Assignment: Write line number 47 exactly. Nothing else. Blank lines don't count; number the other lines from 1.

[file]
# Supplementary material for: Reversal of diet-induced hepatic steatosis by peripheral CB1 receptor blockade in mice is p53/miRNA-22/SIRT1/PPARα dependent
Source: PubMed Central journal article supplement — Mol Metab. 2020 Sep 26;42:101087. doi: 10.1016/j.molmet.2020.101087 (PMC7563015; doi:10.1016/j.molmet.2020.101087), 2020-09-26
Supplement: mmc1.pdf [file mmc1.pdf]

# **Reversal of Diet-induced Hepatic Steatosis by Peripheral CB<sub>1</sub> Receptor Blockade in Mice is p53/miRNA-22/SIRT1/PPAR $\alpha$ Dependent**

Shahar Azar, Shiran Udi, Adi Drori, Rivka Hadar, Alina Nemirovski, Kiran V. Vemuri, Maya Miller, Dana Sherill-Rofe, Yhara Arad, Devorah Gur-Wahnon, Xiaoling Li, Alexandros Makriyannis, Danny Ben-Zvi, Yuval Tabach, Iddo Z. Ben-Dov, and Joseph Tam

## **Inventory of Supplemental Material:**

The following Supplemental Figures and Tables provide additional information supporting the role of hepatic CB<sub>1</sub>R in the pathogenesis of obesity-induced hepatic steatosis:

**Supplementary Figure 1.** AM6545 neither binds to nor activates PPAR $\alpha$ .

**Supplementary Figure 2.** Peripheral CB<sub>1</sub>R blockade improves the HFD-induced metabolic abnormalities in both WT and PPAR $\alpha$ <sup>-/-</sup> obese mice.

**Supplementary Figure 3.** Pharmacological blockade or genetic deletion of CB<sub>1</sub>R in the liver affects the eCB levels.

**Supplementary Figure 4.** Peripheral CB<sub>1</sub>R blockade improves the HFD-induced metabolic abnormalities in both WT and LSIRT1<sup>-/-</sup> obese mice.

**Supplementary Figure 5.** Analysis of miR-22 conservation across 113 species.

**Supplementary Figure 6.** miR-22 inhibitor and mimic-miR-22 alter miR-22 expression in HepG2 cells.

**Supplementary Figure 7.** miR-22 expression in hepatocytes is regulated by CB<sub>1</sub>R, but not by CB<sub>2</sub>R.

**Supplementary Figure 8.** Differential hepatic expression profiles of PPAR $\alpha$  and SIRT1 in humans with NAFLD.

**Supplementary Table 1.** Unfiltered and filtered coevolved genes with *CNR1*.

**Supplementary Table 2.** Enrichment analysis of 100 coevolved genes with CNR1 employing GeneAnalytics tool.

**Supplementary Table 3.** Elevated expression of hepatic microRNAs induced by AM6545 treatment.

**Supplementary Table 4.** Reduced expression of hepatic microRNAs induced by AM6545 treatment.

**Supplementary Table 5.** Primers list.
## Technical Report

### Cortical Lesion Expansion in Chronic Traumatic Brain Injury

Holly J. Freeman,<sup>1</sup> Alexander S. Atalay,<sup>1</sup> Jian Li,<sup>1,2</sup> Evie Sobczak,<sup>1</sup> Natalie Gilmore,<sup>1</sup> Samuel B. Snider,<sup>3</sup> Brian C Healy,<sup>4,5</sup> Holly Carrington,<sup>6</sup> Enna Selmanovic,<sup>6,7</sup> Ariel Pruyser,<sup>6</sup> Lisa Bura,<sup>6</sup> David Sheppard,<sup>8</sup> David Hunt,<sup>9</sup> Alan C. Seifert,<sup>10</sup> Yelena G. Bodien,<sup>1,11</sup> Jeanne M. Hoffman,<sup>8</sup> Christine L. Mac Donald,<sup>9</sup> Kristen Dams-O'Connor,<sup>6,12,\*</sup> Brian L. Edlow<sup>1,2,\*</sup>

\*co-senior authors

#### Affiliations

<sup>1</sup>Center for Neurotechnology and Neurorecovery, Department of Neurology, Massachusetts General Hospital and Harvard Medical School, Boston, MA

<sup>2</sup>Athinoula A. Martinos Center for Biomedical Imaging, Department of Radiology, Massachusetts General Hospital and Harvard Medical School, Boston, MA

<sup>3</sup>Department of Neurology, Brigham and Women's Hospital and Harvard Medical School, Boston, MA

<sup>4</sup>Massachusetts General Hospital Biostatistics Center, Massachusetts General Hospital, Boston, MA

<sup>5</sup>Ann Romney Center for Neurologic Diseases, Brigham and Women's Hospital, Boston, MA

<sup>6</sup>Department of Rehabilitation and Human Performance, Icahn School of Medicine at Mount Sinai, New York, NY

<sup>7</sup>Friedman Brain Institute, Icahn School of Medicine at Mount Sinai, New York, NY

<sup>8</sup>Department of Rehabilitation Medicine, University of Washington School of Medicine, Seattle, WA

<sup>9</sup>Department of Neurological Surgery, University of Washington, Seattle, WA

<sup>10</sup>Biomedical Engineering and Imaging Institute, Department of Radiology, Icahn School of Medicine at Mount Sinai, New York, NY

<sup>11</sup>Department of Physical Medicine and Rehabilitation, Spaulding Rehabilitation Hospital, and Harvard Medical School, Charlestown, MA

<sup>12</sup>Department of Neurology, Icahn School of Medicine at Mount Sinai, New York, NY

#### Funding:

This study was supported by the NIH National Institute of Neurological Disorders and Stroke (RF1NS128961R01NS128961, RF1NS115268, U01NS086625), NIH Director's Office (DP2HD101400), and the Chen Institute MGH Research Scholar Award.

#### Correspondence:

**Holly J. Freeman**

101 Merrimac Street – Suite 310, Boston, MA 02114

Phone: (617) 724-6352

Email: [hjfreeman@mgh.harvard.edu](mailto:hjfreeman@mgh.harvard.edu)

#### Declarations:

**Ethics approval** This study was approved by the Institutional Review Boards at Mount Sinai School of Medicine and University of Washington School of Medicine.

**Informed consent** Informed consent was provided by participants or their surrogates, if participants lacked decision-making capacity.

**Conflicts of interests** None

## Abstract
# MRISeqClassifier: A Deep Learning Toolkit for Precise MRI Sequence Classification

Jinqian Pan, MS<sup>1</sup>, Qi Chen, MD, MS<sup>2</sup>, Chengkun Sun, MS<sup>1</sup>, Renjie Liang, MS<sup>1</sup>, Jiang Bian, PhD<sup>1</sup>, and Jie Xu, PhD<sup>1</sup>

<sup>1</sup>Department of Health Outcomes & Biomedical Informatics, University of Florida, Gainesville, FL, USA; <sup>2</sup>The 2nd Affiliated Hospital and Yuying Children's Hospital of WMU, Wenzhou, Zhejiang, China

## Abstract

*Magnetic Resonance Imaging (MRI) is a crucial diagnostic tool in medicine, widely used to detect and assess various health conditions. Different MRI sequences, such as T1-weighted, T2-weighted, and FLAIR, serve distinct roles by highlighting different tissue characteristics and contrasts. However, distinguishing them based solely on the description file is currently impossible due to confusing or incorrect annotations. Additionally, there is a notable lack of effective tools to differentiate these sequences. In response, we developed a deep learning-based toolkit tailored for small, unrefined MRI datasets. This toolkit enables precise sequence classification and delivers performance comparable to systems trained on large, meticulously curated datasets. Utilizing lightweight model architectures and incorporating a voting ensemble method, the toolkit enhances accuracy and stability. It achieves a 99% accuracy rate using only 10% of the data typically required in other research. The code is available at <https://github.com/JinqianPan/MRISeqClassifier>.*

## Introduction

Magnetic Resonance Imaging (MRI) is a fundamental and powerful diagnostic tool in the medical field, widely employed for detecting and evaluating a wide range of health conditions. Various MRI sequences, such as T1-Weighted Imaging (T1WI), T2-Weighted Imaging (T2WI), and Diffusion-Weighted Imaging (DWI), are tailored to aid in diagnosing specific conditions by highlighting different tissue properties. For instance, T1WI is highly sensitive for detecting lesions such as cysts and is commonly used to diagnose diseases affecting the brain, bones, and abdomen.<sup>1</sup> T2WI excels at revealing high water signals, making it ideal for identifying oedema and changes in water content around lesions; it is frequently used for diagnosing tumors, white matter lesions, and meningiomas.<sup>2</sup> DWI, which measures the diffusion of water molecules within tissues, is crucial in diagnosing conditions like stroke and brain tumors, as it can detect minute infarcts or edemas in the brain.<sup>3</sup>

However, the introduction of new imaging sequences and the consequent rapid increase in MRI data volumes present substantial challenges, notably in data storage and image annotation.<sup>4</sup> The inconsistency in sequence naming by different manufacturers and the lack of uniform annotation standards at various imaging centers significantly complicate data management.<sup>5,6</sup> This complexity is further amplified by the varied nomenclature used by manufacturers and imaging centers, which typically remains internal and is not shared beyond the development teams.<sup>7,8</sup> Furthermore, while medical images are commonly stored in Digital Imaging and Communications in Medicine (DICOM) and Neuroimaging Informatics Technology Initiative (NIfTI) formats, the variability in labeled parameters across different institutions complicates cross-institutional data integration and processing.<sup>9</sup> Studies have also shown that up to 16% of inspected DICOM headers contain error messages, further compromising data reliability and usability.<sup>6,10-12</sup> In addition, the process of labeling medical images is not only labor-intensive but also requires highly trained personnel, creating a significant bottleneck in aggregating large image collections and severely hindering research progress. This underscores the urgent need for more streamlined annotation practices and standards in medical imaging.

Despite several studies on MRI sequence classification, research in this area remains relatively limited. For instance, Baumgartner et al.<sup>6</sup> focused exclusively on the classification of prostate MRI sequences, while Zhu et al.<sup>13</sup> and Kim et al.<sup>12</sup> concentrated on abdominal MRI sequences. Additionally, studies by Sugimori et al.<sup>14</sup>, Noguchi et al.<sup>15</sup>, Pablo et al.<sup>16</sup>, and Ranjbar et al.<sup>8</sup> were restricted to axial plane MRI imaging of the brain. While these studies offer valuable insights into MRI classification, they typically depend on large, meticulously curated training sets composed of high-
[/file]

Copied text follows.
**Informed consent** Informed consent was provided by participants or their surrogates, if participants lacked decision-making capacity.